Latest research finds old boys' network still operating with cultural and race bias.
Pasifika and Maori players might wear the Silver Fern in healthy numbers but they're not achieving national honours by serving on governing bodies, new Massey University research has found.
The group makes up nearly half the players in the All Blacks and Silver Ferns but their representation across all sports in governance roles is just 6 per cent, PhD candidate Ryan Holland says.
For his thesis he surveyed 90 national sporting organisations in 2010 and asked them about their board membership. He also interviewed two groups. The first was made up of chief executives and chairs of national sport organisations to get the "outsider" view, the second consisted of Maori and Pasifika board members to get the "insider" view.
The first group saw the issue as a lack of experience but didn't recognise the cultural reasons of why this might be the case, Mr Holland said.
"Most Maori and Pasifika get their first taste of sport leadership through being players and feel most comfortable when they are active at the grassroots level because of the close connections with their local community."
On the other side of the ledger Maori and Pacific peoples didn't have many role models or mentors to encourage them.
"We celebrate Maori and PI achievement on the field a lot, but we don't see that focus on who's been a great board member or a great CEO. There's a lot that do contribute at a regional and club level but it's just about finding the right pathways, finding the right people to mentor them through."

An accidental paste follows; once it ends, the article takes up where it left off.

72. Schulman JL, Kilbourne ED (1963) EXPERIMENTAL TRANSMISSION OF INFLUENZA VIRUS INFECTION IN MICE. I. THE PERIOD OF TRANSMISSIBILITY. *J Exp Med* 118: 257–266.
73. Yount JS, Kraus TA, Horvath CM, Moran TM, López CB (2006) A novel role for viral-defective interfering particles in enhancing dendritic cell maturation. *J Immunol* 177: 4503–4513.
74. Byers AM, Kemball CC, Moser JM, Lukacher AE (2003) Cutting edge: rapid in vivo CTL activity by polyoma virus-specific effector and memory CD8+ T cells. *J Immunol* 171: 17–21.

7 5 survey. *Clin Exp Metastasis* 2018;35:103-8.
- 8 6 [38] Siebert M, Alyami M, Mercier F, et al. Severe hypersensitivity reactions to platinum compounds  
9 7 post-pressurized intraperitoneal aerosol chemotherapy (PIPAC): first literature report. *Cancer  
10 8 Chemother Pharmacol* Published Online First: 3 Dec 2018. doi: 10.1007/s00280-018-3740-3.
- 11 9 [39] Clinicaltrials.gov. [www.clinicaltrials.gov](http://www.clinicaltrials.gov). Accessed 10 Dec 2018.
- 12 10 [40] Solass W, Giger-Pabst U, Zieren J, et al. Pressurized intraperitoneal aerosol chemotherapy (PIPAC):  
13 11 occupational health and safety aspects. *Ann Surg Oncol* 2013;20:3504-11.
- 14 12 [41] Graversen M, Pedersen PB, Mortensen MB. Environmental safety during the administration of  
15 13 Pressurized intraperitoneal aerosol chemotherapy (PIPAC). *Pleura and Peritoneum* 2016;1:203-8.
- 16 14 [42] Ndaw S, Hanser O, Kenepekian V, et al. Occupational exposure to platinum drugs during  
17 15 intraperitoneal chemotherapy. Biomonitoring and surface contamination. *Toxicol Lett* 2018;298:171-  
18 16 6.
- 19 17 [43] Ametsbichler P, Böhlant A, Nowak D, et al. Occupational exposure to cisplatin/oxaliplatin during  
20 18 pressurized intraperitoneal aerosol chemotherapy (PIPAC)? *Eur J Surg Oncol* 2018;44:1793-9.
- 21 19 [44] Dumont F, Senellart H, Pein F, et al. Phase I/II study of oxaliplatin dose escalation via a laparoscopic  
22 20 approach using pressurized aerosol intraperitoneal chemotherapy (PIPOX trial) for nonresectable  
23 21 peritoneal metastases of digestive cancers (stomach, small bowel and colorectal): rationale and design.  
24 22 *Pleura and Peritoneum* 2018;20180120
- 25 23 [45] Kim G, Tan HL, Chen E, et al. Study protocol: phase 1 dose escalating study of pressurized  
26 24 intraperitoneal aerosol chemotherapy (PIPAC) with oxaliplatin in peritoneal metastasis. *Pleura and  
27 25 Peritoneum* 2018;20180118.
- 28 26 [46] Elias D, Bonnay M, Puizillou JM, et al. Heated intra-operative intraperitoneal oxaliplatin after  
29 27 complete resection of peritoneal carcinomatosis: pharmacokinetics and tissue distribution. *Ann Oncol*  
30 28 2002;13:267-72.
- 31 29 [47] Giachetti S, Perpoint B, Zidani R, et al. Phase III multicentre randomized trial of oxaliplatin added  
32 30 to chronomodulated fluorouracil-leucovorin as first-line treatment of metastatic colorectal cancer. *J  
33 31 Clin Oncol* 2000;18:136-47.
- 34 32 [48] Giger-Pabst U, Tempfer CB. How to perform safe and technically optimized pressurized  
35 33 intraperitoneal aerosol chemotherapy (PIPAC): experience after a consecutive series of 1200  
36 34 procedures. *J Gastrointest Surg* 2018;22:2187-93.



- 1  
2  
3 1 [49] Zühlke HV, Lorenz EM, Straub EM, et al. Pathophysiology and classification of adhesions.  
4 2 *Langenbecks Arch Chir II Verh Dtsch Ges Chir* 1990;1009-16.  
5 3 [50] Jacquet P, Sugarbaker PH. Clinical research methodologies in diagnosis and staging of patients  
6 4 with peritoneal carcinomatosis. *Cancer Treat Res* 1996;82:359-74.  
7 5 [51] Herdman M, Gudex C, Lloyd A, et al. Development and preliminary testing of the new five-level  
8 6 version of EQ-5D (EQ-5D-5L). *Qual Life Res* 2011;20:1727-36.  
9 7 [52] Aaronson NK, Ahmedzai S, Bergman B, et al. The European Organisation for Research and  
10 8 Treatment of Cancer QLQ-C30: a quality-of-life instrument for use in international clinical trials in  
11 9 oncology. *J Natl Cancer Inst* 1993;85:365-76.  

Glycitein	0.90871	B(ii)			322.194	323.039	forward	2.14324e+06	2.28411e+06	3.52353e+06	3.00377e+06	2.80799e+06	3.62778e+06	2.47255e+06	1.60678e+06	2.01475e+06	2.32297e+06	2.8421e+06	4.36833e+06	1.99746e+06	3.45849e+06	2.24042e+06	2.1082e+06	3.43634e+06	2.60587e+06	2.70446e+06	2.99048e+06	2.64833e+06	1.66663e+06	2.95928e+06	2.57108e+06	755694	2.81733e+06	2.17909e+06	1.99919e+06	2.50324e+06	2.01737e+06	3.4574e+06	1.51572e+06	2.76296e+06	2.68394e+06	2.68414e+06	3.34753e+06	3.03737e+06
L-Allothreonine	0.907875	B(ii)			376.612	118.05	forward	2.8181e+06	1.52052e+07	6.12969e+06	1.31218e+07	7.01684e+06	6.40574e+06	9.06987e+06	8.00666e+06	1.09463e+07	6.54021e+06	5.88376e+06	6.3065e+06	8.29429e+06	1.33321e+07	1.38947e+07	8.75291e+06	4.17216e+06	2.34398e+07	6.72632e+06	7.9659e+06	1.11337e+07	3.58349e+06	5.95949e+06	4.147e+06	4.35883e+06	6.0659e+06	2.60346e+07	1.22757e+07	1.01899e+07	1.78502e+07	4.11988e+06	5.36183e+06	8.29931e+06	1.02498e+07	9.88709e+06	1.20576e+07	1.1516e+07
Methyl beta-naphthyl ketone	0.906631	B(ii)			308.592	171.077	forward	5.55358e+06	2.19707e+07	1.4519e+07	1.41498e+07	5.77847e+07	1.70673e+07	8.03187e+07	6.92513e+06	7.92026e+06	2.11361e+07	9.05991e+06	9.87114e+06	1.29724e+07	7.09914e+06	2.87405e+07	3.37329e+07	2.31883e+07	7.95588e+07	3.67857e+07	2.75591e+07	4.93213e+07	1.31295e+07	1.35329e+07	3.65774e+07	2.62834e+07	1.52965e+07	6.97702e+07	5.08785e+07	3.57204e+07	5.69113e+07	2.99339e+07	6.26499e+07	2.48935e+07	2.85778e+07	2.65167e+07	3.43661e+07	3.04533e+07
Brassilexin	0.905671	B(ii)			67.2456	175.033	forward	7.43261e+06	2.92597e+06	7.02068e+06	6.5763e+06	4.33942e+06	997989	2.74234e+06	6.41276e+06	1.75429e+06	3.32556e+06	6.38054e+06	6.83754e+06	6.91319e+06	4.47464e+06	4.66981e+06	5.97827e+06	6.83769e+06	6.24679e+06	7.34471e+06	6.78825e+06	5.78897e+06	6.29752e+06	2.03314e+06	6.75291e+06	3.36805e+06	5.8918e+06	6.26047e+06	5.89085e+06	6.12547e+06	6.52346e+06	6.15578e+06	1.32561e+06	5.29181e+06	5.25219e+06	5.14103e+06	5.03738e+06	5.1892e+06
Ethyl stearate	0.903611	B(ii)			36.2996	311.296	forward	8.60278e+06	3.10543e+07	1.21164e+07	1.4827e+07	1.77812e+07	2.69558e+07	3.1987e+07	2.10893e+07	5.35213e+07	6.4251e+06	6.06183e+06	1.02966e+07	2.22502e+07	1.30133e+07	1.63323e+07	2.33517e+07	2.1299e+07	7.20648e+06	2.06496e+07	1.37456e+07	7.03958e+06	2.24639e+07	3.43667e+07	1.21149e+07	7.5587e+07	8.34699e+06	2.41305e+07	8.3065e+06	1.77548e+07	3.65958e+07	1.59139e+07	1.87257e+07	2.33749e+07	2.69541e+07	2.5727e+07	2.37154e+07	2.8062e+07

Mr Holland, who is of Niuean descent, said the research wasn't about blaming sports boards for the shortage. "It's a complex issue and while I didn't come across any out-and-out racism, race and culture were at the heart of the problem.
"There's a perception ... that people of Maori and Pacific descent are naturally physically gifted, but lack discipline. They can be seen as unsuitable, or not a good fit, so there's definitely still an old boys' network operating." Boards should reflect the communities they serve, he said.
He recommended that Sport NZ drive the charge for more representation including through internships within sports organisations, building programmes that connect Maori and Pasifika sport governance with community development and educating boards on the value of diversity and cultural awareness. Maori and Pasifika candidates needed to step up to the plate as well, he said.
90 national sports organisations
613 board members
463Men 76 per cent
150 Women 24 per cent.